When the Sarasota school board voted 3-2 for the mask requirement, it was characterized by some news reports as the first conservative county in Florida to vote for masks. Before she was elected to the Sarasota school board, Brown served in the Florida House as a Democrat.

"The issues that we're looking at aren't Democrat and Republican. We need to vote for the best interest of our children. And I don't think COVID is a Democrat or Republican issue," she said.

Duval County Public School students will have to wear masks when they return from the Labor Day weekend. Parents and students had a few weeks to prepare after the school district approved the requirement last month.

"Even though our community seems to be improving some, I still think this is a really important move to make sure that we are covering all our bases and our schools," said Duval School Board Chair Elizabeth Andersen.

About two dozen students have sued the Duval school board, arguing their constitutional rights have been violated — including the state constitutional guarantee of a high-quality education. Some of the students suing have learning disabilities.

"We have no intention to not continue to make sure that every child's needs are met the best way, to the best of our ability," Andersen said.

Different Death Data

August was the deadliest month of the pandemic in Florida. And the state's seven-day average of deaths also has hit a new pandemic-high — 247 people dying from the virus in Florida each day over the past seven days, according to University of South Florida epidemiologist Jason Salemi.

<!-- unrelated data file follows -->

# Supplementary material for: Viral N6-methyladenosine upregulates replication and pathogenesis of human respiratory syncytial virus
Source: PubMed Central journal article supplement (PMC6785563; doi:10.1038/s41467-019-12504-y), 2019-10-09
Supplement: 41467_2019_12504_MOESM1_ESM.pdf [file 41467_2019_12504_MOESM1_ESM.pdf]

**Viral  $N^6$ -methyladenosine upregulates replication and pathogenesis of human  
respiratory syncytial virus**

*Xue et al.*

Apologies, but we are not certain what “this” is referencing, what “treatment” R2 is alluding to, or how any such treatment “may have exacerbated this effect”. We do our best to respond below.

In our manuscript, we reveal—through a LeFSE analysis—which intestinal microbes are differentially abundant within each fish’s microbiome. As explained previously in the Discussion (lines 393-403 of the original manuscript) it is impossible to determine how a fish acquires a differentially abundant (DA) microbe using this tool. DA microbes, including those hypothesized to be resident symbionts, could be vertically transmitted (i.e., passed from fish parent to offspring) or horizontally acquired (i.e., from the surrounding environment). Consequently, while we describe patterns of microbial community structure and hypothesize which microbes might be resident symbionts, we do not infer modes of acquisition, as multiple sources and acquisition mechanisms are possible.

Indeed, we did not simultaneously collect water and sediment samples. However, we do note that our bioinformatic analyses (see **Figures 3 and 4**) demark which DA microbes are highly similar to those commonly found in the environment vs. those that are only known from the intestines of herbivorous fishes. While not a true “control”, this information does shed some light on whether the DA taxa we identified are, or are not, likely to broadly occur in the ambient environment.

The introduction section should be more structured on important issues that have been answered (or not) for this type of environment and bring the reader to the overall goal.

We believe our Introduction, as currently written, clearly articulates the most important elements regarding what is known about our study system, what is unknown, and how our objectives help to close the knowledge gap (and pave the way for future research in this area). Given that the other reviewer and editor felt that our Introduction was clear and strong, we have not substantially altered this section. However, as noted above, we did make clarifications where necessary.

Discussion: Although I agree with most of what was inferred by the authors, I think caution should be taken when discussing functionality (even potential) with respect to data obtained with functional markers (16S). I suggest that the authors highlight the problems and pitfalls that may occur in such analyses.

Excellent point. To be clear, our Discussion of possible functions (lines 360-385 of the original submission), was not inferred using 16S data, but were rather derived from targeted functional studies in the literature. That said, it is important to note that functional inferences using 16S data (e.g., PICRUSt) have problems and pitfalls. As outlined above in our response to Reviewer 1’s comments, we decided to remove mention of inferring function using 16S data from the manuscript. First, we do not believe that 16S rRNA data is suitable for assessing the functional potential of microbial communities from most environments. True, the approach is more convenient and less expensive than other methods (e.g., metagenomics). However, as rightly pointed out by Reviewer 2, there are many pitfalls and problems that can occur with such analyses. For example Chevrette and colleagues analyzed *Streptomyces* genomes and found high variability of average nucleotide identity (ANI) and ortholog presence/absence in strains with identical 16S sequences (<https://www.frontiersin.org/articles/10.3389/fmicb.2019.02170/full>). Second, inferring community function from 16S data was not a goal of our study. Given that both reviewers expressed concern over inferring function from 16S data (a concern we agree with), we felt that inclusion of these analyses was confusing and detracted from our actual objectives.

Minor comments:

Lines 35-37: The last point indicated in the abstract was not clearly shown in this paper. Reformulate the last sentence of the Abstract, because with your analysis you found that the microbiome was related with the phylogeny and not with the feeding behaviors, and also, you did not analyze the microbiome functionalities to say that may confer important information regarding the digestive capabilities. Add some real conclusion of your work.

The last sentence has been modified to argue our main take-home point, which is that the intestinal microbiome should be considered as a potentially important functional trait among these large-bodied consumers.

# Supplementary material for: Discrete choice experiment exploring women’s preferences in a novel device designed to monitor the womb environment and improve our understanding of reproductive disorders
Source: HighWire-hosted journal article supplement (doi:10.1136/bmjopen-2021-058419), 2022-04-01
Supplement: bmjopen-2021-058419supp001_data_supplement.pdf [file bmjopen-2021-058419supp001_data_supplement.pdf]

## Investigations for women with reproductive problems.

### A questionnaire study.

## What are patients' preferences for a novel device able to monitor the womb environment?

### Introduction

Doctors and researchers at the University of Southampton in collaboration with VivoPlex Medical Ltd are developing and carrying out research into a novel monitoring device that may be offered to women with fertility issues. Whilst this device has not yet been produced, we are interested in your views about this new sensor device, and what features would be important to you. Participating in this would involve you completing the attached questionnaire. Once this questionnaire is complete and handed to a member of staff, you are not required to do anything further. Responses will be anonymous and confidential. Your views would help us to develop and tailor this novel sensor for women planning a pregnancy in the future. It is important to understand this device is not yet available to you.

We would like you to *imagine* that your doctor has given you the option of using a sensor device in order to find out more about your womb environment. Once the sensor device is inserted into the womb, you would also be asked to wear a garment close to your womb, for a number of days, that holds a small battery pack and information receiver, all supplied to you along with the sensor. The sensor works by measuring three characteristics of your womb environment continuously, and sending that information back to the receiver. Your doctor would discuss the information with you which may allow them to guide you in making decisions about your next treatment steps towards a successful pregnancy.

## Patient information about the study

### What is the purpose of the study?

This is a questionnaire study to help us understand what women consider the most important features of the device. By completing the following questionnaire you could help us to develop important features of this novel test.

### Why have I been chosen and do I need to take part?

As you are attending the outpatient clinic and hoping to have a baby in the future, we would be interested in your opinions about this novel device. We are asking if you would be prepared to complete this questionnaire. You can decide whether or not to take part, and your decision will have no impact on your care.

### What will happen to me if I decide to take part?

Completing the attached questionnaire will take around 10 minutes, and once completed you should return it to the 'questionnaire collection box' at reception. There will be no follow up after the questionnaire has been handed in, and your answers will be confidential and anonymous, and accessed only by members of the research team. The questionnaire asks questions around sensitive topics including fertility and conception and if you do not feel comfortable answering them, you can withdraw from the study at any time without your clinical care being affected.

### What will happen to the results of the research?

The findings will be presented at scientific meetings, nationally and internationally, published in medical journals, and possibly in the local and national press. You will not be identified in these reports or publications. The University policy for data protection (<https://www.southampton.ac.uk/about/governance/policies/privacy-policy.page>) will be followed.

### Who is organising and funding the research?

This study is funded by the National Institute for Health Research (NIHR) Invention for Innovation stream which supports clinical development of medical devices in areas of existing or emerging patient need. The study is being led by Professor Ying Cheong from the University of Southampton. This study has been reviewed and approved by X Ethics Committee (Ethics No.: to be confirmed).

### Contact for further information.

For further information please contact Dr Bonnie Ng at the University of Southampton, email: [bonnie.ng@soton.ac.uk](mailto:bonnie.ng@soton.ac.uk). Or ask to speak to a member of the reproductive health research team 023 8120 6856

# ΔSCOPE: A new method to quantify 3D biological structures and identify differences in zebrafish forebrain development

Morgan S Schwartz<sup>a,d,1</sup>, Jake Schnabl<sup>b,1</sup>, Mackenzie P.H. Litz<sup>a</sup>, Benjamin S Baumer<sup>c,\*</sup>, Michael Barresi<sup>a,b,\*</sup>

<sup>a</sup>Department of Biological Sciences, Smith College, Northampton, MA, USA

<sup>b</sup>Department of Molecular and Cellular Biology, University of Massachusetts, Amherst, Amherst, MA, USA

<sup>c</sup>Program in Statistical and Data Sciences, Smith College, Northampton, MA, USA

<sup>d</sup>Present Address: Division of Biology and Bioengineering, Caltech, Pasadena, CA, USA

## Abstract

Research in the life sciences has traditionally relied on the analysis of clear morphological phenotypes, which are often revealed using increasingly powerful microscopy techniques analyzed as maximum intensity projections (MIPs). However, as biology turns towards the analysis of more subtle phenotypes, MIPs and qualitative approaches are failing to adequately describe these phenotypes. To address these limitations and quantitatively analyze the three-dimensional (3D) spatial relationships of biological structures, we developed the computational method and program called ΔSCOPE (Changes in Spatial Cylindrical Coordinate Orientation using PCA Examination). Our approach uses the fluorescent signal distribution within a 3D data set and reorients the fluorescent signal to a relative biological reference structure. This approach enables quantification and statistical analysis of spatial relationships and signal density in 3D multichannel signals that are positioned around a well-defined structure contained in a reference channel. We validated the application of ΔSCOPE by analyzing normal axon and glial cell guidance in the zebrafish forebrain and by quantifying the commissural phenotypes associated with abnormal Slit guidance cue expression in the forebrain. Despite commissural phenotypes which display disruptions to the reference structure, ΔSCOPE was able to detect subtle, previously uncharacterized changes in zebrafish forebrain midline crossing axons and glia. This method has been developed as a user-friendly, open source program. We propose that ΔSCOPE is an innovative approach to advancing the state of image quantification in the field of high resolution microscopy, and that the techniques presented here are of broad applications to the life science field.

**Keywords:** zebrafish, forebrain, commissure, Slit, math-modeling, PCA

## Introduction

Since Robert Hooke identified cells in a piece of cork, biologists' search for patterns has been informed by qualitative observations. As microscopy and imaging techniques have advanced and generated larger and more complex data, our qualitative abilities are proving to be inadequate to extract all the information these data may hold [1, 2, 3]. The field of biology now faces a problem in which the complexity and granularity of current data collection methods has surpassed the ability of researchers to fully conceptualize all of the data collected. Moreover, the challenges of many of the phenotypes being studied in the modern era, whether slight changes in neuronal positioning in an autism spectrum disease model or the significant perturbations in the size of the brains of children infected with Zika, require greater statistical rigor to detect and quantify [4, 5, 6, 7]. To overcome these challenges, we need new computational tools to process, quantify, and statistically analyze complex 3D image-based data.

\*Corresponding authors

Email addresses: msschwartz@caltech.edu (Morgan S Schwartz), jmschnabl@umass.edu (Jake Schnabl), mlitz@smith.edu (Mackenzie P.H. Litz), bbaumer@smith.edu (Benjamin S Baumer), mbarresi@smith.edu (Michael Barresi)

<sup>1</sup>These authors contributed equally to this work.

"Despite the obvious benefits of COVID-19 vaccines, the fact that we've had these record numbers of cases during the delta surge and they led to the highest numbers of hospitalizations in every age group that we have seen in the pandemic thus far, it's ended up resulting in pretty considerable mortality," Salemi said.

This surge comes as the state Department of Health changed how it was reporting COVID-19 deaths. State health officials used to report coronavirus deaths when the state was notified someone died from the virus. Now they report deaths by the actual date someone died.

While that may not seem like a significant change, it can take longer for someone dying from the virus to show up in the state’s data. That delay can create what my look like an inaccurate decrease in statewide COVID deaths because of the lag in reporting the date of the death.

For example, the weekends.

"What you notice when you look at this deaths-by-date report, you see an artificial decrease during the weekends. It's not because people don't die from COVID-19 over the weekend. It's because certification and reporting move more slowly," Salemi said.

Both types of data are important, public health officials say. A deaths-by-report-date helps give a real-time picture of the mortality of the virus. A deaths-by-date of death report helps develop a longer term picture.

Salemi operates an online dashboard displaying both data.

"In the most recent two to three-week window, based on deaths-by-date that they occurred, we should shade that out and at least let people know these numbers are likely to rise substantially over the coming weeks as we learn of those deaths that occurred," he said.

The change in methodology in how the Health Department reports death data isn't the first change the state has made regarding its publicly available COVID-19 data. It stopped published daily data in early June.

The state still collects the daily data, but shares it with the U.S. Centers for Disease Control instead of publishing it on what had been the state's online, daily COVID dashboard.

Copyright 2021 WLRN 91.3 FM. To see more, visit WLRN 91.3 FM.

In a journalism career covering news from high global finance to neighborhood infrastructure, Tom Hudson is the Vice President of News and Special Correspondent for WLRN. He hosts and produces the Sunshine Economy and anchors the Florida Roundup in addition to leading the organization's news engagement strategy.